Research – A Series of Papaya-Associated Salmonella Illness Outbreak Investigations in 2017 and 2019 – A Focus on Traceback, Laboratory, and Collaborative Efforts

Journal of Food Protection


In 2017 and 2019, five outbreaks of infections from multiple strains of Salmonella linked to the consumption of whole, fresh Maradol papayas were reported in the United States, resulting in 325 ill persons. Traceback, laboratory, and epidemiologic evidence indicated papayas as the likely vehicle for each of these outbreaks and identified the source of papayas. State and FDA laboratories recovered Salmonella from papaya samples from various points of distribution, including at import entry, and conducted serotyping, pulsed-field gel electrophoresis (PFGE), and phylogenetic analyses of whole genome sequencing (WGS) data. Federal and state partners led traceback investigations to determine the source of papayas. Four different suppliers of papayas were linked by traceback and laboratory results to five separate outbreaks of Salmonella infections associated with papayas. In 2017, multiple states tested papaya samples collected at retail, and Maryland and Virginia investigators recovered strains of Salmonella associated with one outbreak. FDA collected 183 papaya samples in 2017, and 11 samples yielded 62 isolates of Salmonella. Eleven serotypes of Salmonella were recovered from FDA papaya samples, and nine serotypes were closely related genetically by PFGE and WGS to clinical isolates of four outbreaks, including the outbreak associated with positive state sample results. Four farms in Mexico were identified and their names were released to the general public, retailers, and foreign authorities. In 2019, FDA collected 119 papaya samples, three of which yielded Salmonella; none yielded the 2019 outbreak strain. Investigators determined that papayas of interest had been sourced from a single farm in Campeche, Mexico through traceback. This information was used to protect public health through public guidance, recalls, and import alerts and helped FDA collaborate with Mexican regulatory partners to enhance the food safety requirements for papayas imported from Mexico.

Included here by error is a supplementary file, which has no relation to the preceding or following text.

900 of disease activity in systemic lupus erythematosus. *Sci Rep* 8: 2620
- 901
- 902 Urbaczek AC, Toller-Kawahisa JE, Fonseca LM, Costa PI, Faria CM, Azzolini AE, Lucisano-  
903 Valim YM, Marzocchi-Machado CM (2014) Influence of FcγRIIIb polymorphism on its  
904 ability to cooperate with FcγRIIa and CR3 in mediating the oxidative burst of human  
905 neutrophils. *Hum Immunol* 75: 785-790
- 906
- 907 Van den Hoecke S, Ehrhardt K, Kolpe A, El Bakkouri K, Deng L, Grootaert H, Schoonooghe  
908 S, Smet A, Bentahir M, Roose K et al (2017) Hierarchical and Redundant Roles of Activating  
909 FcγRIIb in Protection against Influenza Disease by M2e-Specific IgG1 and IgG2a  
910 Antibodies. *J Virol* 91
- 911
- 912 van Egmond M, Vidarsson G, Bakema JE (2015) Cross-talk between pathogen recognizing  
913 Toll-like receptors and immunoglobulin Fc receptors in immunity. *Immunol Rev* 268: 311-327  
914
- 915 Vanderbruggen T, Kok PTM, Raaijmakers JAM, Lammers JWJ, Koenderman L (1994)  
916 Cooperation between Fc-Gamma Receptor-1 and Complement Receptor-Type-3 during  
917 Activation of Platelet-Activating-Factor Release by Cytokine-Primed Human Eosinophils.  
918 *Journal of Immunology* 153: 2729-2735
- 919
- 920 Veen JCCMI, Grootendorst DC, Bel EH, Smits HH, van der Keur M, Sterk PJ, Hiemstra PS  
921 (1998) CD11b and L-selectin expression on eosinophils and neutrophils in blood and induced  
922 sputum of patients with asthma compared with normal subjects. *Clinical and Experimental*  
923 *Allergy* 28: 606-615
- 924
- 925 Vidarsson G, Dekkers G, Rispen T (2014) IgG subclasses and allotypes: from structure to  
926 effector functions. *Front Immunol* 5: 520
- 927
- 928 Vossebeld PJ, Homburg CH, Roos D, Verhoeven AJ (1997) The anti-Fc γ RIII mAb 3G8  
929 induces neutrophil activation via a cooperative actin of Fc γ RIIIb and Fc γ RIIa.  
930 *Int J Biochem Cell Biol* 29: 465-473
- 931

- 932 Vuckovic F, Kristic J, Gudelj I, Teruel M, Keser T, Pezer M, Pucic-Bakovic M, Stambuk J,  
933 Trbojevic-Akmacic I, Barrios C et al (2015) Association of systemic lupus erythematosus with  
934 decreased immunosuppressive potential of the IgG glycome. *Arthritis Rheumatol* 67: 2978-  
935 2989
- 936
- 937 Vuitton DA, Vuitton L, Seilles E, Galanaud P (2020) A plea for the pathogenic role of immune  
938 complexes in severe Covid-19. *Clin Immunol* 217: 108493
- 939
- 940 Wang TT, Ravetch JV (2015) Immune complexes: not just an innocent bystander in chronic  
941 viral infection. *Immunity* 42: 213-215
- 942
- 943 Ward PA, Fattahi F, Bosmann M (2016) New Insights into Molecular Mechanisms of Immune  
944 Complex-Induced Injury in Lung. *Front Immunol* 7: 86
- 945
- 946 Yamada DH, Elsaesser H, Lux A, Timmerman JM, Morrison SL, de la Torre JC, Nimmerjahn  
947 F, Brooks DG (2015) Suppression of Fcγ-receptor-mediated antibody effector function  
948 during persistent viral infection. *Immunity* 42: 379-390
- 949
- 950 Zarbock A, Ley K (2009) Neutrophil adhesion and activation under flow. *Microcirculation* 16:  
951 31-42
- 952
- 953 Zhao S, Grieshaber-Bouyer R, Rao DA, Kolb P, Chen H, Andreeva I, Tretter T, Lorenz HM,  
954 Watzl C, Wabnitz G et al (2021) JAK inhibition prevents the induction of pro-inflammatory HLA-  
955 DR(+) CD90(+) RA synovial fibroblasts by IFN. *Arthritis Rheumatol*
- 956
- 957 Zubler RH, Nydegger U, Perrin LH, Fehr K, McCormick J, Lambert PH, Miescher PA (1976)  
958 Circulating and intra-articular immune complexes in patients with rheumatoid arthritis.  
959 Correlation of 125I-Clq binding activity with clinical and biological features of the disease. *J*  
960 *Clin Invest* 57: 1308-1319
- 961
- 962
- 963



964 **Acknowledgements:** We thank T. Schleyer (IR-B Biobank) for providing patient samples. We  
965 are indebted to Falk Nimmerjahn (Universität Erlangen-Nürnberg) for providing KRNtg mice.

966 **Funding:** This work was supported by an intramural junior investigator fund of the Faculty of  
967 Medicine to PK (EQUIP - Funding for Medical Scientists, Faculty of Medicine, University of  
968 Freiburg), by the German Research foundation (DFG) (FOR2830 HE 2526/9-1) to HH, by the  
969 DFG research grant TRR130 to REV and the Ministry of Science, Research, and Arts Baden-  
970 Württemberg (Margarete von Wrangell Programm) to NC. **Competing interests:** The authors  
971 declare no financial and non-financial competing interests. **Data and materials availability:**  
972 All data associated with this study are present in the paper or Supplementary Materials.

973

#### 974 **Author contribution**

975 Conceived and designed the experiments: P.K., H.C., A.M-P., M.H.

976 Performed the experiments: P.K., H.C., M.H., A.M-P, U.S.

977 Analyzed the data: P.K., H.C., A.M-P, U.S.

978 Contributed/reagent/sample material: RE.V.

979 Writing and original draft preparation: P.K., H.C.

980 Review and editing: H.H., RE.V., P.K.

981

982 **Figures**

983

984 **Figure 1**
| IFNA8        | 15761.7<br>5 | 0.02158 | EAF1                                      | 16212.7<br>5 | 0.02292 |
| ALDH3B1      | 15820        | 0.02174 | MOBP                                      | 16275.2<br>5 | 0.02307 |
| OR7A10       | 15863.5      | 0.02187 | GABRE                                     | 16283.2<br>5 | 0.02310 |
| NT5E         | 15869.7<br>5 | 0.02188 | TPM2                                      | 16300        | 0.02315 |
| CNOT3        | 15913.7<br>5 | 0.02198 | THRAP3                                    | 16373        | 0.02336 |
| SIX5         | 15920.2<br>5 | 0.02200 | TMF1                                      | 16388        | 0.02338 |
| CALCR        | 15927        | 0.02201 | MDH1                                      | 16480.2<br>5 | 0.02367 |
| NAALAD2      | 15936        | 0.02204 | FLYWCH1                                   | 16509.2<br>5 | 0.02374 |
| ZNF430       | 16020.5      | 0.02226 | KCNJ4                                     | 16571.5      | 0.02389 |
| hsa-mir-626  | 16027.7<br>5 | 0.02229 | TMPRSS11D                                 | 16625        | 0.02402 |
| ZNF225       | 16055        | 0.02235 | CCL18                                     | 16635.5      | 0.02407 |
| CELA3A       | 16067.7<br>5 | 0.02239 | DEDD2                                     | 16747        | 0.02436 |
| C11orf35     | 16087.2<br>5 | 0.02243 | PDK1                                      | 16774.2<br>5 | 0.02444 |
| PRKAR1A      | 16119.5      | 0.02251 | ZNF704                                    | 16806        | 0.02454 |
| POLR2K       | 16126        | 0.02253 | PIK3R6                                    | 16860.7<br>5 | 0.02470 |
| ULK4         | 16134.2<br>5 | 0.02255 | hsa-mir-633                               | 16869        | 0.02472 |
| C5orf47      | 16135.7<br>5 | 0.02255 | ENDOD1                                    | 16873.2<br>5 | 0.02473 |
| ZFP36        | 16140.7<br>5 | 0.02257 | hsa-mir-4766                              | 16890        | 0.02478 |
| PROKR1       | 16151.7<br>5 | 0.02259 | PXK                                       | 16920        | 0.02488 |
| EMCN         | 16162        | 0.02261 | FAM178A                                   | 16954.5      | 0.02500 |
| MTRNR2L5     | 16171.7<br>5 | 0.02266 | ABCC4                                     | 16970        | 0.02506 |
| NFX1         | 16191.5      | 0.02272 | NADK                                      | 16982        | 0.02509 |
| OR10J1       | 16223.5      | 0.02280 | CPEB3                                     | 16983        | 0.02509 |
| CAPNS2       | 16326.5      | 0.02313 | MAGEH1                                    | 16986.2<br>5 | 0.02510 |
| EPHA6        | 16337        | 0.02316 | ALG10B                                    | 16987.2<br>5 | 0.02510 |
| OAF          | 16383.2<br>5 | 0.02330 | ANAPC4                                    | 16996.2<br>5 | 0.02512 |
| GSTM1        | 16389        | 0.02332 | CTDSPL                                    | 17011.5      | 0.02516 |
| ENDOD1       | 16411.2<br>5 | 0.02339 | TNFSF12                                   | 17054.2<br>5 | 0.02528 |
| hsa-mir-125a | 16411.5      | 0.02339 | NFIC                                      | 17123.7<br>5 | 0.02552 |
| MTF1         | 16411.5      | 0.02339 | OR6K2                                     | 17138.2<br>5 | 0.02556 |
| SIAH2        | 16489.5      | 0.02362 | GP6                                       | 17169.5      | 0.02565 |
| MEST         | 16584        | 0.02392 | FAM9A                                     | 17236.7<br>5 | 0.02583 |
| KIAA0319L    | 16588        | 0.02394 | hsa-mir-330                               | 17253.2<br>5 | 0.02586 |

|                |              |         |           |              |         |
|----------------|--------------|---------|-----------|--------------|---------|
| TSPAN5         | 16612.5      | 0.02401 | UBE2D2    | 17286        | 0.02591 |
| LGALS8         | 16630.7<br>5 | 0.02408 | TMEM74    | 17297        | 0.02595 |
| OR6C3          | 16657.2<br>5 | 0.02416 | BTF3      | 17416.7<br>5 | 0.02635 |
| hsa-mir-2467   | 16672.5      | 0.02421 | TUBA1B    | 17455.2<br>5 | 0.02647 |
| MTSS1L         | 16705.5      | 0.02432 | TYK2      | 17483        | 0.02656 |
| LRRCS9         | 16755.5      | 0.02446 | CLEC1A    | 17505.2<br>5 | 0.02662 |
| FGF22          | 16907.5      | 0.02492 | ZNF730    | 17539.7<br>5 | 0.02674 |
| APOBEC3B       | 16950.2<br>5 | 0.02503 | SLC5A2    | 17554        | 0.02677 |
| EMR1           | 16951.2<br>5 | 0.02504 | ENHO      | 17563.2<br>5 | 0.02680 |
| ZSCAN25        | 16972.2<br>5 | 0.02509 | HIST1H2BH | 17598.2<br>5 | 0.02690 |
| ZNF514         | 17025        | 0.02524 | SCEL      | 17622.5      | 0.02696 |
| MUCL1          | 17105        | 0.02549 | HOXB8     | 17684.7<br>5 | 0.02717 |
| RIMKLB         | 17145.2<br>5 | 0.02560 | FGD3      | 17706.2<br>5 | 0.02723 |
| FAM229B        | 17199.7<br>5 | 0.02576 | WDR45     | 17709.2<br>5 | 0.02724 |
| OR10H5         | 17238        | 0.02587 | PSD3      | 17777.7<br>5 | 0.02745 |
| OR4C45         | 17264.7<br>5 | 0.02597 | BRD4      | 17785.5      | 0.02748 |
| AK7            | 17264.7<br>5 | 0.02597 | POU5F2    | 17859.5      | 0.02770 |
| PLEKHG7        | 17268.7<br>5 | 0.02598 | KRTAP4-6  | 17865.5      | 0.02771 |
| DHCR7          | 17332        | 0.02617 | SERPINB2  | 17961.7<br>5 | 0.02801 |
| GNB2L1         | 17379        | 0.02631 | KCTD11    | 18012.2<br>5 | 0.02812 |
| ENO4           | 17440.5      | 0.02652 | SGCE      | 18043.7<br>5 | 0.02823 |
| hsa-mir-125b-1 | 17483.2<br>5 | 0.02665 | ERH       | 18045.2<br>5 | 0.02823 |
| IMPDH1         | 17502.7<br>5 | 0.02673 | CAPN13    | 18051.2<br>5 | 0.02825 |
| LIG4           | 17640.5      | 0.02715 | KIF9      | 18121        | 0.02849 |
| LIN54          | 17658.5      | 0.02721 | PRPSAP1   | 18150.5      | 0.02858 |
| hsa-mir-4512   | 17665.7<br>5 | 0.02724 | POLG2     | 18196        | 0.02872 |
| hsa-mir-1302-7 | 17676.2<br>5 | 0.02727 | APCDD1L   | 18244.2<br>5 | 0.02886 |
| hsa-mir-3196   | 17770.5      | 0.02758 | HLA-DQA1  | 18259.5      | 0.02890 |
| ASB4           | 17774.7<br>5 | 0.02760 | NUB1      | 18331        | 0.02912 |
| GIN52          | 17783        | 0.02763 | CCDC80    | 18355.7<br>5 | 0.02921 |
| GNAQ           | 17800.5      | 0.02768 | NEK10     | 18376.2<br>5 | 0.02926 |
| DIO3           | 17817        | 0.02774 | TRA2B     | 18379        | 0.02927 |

Research – Interactions between Microbial Food Safety and Environmental Sustainability in the Fresh Produce Supply Chain


Improving the environmental sustainability of the food supply chain will help to achieve the United Nations Sustainable Development Goals (SDGs). This environmental sustainability is related to different SDGs, but mainly to SDG 2 (Zero Hunger), SDG 12 (Responsible Production and Consumption), SDG 13 (Climate Action), and SDG 15 (Life on Land). The strategies and measures used to improve this aspect of the food supply chain must remain in balance with other sustainability aspects (economic and social). In this framework, the interactions and possible conflicts between food supply chain safety and sustainability need to be assessed. Although priority must be given to safety aspects, food safety policies should be calibrated in order to avoid unnecessary deleterious effects on the environment. In the present review, a number of potential tensions and/or disagreements between the microbial safety and environmental sustainability of the fresh produce supply chain are identified and discussed. The addressed issues are spread throughout the food supply chain, from primary production to the end-of-life of the products, and also include the handling and processing industry, retailers, and consumers. Interactions of fresh produce microbial safety with topics such as food waste, supply chain structure, climate change, and use of resources have been covered. Finally, approaches and strategies that will prove useful to solve or mitigate the potential contradictions between fresh produce safety and sustainability are described and discussed. Upon analyzing the interplay between microbial safety and the environmental sustainability of the fresh produce supply chain, it becomes clear that decisions that are taken to ensure fresh produce safety must consider the possible effects on environmental, economic, and social sustainability aspects. To manage these interactions, a global approach considering the interconnections between human activities, animals, and the environment will be required. View Full-Text